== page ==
There are other credits/deductions for higher education, but I think the AOTC example of $10,000 in tax credits over 4 years shows the general idea fairly well.

    1. Interesting point DrFIRE.
      Do you know what would happen if I used the I Bonds for part of the payment? I am guessing it would have a similar impact no? Lots of research to do.

      1. Mr. CR,
        Don’t know the answer off the top of my head about how i-bonds affect the tax calculation for QHEE. I only became of aware of the AOTC/529 issue when my oldest started college and was unpleasantly surprised when reviewing the results of some quality time with TurboTax.

        I would encourage you to follow the current tax reform packages wrt i-bonds. If memory serves, the House bill (at least at some point in November) has provisions that repeal the tax-free use of i-bonds for higher education expenses. The proposal has a fairly narrow window to convert i-bonds to a 529 to avoid being affected by the repeal.

        Who knows what will actually happen, but it is clear that higher education tax-free savings are on some lobbyist’s radar and only time will tell what is actually passed and signed into law.

        1. My goodness, I am enjoying this wisdom on the tax-credit college education fronts. Great to share your experience. Our kids are 8 and 10 years away from college but never too soon to arm yourself with these nuggets of information.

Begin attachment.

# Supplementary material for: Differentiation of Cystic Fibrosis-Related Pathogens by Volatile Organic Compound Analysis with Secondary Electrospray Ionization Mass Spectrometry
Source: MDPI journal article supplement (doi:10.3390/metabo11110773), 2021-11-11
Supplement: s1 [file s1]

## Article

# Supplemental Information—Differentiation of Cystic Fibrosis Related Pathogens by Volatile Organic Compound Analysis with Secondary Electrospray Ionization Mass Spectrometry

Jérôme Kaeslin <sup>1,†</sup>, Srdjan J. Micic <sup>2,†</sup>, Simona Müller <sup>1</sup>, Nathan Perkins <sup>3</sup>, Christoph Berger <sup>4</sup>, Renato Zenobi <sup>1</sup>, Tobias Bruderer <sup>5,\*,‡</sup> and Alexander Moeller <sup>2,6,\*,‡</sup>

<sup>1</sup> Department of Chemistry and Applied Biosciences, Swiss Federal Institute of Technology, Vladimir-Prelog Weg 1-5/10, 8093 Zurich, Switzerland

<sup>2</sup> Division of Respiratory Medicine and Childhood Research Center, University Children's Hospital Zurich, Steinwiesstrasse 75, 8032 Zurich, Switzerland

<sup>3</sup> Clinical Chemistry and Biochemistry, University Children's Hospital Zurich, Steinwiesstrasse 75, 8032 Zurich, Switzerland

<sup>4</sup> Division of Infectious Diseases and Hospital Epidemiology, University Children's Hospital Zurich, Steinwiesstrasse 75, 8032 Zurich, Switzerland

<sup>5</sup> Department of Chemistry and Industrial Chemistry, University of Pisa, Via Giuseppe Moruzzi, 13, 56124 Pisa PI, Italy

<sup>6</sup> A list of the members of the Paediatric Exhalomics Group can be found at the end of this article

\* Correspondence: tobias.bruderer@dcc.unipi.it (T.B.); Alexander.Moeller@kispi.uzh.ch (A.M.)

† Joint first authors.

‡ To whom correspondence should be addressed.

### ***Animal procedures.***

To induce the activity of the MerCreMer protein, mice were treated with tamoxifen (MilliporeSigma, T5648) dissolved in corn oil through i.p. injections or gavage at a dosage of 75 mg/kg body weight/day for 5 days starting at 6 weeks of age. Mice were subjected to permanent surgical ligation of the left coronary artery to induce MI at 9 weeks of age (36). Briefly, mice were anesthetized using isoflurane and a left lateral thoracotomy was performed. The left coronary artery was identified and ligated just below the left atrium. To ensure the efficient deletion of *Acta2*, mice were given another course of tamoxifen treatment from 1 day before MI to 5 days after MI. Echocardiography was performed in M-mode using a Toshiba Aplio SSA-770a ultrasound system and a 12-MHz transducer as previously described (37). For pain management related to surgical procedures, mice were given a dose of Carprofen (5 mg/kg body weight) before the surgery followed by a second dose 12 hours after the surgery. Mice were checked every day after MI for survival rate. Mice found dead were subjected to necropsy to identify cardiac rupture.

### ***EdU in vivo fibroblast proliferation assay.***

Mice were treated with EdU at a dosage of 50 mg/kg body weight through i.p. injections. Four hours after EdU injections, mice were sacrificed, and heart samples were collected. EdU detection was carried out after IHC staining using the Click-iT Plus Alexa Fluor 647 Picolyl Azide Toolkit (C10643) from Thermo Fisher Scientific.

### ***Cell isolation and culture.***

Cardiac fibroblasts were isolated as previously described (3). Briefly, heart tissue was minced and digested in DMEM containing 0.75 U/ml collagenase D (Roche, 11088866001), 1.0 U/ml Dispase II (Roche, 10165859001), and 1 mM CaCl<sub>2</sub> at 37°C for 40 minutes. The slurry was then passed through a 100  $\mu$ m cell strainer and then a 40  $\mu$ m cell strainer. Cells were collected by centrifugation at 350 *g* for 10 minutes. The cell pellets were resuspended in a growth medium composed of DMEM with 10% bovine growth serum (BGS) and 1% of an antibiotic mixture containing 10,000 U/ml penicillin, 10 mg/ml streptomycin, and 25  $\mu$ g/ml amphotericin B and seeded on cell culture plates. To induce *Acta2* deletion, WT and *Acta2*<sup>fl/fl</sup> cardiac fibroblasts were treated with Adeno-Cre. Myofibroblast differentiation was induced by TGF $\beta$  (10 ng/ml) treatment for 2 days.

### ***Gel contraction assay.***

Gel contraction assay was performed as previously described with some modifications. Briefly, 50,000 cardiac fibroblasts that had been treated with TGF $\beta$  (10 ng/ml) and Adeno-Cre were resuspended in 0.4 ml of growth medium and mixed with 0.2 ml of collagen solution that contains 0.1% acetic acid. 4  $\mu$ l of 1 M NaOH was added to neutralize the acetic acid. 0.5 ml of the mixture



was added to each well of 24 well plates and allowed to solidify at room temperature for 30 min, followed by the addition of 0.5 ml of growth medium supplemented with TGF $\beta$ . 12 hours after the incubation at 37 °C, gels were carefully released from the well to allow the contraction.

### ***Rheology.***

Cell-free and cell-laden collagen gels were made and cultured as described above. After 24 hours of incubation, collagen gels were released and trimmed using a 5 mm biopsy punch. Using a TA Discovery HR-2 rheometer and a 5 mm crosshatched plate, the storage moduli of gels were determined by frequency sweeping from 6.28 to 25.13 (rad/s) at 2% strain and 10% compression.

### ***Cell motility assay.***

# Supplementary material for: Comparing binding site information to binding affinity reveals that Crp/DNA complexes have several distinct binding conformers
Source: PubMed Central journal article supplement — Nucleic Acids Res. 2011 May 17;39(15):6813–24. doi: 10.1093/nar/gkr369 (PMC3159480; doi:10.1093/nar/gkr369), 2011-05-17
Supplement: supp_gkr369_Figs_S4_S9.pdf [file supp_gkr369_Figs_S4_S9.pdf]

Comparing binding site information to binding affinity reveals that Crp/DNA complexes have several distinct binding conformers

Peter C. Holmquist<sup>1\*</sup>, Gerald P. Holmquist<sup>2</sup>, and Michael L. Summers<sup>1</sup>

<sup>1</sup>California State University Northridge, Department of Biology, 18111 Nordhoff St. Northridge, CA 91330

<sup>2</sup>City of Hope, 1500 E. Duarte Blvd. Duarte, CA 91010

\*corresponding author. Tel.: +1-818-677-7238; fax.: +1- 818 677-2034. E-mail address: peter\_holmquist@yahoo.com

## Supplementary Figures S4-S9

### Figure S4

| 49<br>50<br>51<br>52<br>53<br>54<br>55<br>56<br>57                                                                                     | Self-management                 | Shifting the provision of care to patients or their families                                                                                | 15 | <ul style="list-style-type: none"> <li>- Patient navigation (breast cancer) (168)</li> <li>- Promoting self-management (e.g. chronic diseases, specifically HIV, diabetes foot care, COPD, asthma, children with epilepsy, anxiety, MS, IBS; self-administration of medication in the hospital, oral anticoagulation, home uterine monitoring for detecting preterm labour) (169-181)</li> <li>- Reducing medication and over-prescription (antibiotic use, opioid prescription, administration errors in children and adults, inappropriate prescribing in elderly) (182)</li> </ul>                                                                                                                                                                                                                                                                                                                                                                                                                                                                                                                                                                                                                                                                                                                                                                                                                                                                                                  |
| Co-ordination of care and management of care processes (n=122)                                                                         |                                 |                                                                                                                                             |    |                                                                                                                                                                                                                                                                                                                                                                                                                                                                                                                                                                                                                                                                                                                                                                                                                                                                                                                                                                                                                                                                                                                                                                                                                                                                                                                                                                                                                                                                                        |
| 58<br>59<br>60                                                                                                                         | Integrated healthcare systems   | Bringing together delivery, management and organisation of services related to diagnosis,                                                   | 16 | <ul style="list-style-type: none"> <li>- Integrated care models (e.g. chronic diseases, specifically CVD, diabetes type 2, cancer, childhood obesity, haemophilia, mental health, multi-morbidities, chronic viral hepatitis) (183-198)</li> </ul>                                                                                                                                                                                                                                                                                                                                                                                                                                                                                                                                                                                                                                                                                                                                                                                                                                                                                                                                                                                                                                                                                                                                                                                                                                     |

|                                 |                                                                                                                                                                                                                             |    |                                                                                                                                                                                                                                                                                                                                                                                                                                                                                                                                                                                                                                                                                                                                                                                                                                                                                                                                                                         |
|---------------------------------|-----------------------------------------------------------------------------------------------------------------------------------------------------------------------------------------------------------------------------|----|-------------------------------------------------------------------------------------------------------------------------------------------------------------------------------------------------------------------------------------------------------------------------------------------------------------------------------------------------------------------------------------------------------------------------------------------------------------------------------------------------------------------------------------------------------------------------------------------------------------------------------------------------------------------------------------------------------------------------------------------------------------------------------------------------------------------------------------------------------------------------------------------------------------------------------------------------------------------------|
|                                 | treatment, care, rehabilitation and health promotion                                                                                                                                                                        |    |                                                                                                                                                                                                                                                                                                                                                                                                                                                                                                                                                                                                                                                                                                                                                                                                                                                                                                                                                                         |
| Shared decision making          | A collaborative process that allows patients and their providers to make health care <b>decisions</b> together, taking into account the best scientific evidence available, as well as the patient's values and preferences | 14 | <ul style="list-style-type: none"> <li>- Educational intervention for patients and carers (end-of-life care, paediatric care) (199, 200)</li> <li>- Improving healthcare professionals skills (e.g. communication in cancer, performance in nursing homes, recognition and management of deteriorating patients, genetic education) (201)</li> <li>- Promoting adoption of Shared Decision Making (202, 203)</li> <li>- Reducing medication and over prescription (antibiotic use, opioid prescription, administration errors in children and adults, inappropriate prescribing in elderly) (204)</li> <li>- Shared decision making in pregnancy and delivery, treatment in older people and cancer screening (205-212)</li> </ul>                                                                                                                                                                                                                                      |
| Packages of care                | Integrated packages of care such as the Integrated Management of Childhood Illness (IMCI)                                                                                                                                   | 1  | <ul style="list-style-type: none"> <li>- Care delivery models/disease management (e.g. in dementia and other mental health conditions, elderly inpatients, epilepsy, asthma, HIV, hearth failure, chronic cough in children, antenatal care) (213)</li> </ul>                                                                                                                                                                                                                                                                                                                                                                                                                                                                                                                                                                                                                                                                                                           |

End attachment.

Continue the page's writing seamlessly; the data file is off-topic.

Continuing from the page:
Did I mention “gold” there? Sorry ERN, I know how you love that precious element…..

        2. Just for the record, the tax bill that passed preserved the ability to use treasury bond interest for education (qualified).

  2. Mr. Corporate Refugee here,

    Thanks Big ERN! Lots of decisions for me.
    If folks have questions I’ll do my best to answer.

  3. Hi,
    I just read the introduction for now, but will be back to read Big ERN’s analysis.
    I must commend on frugality of Mr.CR’s family. Living in a HCOL area and average only $40-50K of expenses a year is truly impressive.
    I’m curious if his children attend any extracurricular activities or plan to in the future. Another thing is to consider prices of future braces and driving related expenses for the kiddos. I wonder how I’m going to deal with them myself. Not braces, but driving. I wish my kids don’t want to drive LOL when they turn 16 because an extra outlay for another car, a jump in auto insurance premiums can be big…We might need to consider increasing our umbrella insurance cap from $1M to $2-3M probably.

    Also, thank you, DrFIRE, for a note about the higher education and taxes. I’ve never heard of this before! I’m curious what would be the most efficient to ‘sponsor’ college education and take the advantage of tax laws at the same time. OTOH, it might be a moot point in case the tax law overhaul goes through.

    1. Great questions Mrs. Greece.
      First off HCOL Area. What I have found is that this is usually due to housing prices. Other items are more expensive too but really only by a few percent or so. It doesn’t hurt that we like simple things and simple foods.